I think you'd definitely like to look at this paper by Erik Meijer & Gavin Bierman, titled "Contrary to popular belief, SQL and NoSQL are really just two sides of the same coin". In short, it claims that mathematically speaking both approaches base on the same theory, but with some differences. Couple of interesting differences are, from my opinion, ...


12

You have a number of options when representing a tree structure with MongoDB. Here are five "patterns" that you could apply (link to details at the end). The Child References pattern stores each tree node in a document; in addition to the tree node, document stores in an array the id(s) of the node’s children. The Parent References pattern stores each tree ...


12

Each technology has its advantages. The advantages of relational databases is that the RDBMS does some things for you, like: Enforcing referential integrity ( not allowing the insertion of an invoice detail if the invoice it belongs to doesn't exist) Avoid redundancy: things are stored only once. Complex queries can be done with a declarative language (SQL)...


11

Your assertions about relational databases are all true, up until the point where you have so much data you can't fit a copy of it on a single server anymore. Then you start running into all sorts of interesting problems. How do you split up your tables so most of your queries can run on a single server? How many copies of the data do you make? How do ...


10

Databases like MongoDB are great when you usually know where your data is(as opposed to needing to write several complicated queries). With Mongo, "related" data is either nested in the parent data or it has primary/foreign keys. This is great if, for example, you have Posts and Comments; generally, you aren't going to be displaying comments outside the ...


10

Snowman's answer correctly describes how SQL and NoSQL differ in their data structures and how these are accessed. However, a probably even more important difference is their respective problem domain. NoSQL is not a successor of SQL. Rather, the various branches of NoSQL sacrifice some qualities of SQL in order to be better at others. The CAP theorem ...


9

The answer to this was ANSI SQL. Although initial adoption was hard, especially for databases like Oracle, many of them now allow the ANSI standard. For example Oracle started allowing that format in 9i (see http://allthingsoracle.com/ansi-sql/) Also - PostgreSQL prides itself in standards compliance. Its SQL implementation strongly conforms to the ANSI-...


9

If you use Cassandra and need to emulate a lot of JOIN's, then you are doing it wrong. The reason for such a data model is usually that you are following the habit you learned from relational databases and normalize your data as much as possible. This leads to data getting spread out over many tables. This is a bad idea in Cassandra, because you have no ...


9

Most proponents of NoSQL overstate the scaling/performance problem. This is admittedly an oversimplified point of view, but one of the big reasons that NoSQL is popular is because Google uses it. If Google uses it, then it must be good. But Google has enormous data requirements. Internet search notwithstanding, their source control repository is so large ...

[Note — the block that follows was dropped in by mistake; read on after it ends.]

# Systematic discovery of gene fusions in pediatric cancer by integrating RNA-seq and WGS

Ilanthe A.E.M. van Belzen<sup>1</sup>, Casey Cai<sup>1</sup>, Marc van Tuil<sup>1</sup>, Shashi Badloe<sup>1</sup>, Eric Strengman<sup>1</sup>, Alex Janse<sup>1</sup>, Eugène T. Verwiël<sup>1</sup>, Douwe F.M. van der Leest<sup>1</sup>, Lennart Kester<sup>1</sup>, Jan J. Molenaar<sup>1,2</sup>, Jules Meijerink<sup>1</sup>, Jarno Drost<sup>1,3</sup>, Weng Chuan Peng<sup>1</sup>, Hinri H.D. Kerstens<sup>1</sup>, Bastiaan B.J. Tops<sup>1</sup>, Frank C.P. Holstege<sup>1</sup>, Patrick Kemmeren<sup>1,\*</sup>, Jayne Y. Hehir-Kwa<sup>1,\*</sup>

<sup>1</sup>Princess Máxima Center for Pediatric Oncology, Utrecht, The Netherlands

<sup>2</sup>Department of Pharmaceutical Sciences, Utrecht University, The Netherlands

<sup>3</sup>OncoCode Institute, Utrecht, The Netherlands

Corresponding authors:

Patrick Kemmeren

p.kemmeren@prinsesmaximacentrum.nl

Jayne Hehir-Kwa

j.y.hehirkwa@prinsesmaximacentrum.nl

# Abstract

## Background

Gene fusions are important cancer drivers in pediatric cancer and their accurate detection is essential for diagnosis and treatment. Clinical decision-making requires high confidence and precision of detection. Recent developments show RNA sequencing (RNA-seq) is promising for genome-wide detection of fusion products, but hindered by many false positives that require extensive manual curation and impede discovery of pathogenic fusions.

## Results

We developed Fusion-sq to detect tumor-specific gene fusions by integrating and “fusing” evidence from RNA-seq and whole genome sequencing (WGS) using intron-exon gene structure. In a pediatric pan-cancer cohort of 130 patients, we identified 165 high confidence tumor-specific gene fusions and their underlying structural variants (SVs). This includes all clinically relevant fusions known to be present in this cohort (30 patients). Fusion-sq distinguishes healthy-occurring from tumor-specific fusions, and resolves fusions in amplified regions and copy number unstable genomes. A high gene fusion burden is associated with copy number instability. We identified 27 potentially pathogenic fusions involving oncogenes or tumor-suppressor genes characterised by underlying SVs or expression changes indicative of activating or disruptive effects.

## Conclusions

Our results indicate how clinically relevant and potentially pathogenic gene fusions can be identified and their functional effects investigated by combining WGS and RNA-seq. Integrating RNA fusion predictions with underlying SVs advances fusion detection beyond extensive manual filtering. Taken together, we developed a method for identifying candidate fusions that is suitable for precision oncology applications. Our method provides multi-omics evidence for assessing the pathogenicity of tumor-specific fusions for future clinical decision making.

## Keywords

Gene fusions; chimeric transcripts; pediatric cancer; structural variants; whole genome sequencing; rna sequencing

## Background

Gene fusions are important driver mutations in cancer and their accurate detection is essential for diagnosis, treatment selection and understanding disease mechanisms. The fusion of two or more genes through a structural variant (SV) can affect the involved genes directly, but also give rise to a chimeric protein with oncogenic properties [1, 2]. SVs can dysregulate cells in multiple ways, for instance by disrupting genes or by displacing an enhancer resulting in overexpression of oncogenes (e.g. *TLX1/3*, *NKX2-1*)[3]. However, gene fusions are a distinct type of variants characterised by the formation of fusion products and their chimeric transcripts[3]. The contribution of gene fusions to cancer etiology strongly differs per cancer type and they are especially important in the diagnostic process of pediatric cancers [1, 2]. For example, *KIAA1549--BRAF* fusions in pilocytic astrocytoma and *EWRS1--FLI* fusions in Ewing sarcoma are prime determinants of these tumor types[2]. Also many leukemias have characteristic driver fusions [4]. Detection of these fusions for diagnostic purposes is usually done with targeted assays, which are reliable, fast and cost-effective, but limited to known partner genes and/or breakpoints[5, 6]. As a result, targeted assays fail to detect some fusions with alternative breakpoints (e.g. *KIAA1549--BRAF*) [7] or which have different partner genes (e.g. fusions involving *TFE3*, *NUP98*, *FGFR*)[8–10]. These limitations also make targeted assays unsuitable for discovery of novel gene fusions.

8

Does using a NoSQL database give a boost to scalability even if you aren't sharding data? Well lets define scalability. If you are referring to scalability as database/backend systems are concerned, in that you have vertical and horizontal scaling where horizontal scaling IS sharding data then this becomes a trivial question because then the answer would be ...


8

Based on the requirements and architecture, there may be performance improvement options: You may use indexed views(matrialized) To improve read performance on RDBMS(Sql server) level. Basically, all you need to do is: Create a regular view. Create a clustered index on that view. Using a cashing mechanism in application level will improve performance. If ...


8

There is no such thing as NoSQL. There is a myriad of new database technologies grouped under that label, and they all work completely different. But when you are talking about document-oriented, schemaless databases like MongoDB, which are one subset of NoSQL, then yes, these are often more suitable for modeling object-oriented hierarchies than relational ...


8

No startup has ever written the first version of their software with this kind of scalability in mind. Facebook started out in PHP, and wrote a cross-compiler to convert their PHP code to C++ to reduce the number of servers they need by 50%. Twitter made major architectural changes, and got a 3X improvement in speed. In both cases, they started out with ...


8

The key word in here to understand where your team is coming from is "microservices". It would be worth reading up on that concept first, particularly for the following information: How should data be stored? Design principles? How are they designed to scale? As with any relatively new way to do things (and 5-10 years is relatively new when it comes to ...


7

Here's my theories: It's new and it's shiny. Look at me! Facebook/google/twitter/whoever use it, therefore it must be good. Data modelling (properly) is hard. A lot of developers haven't learnt that skill. On the surface it sounds great. Simple, free, scalable. Plus I don't have to learn SQL! People don't have a good understanding of ACID.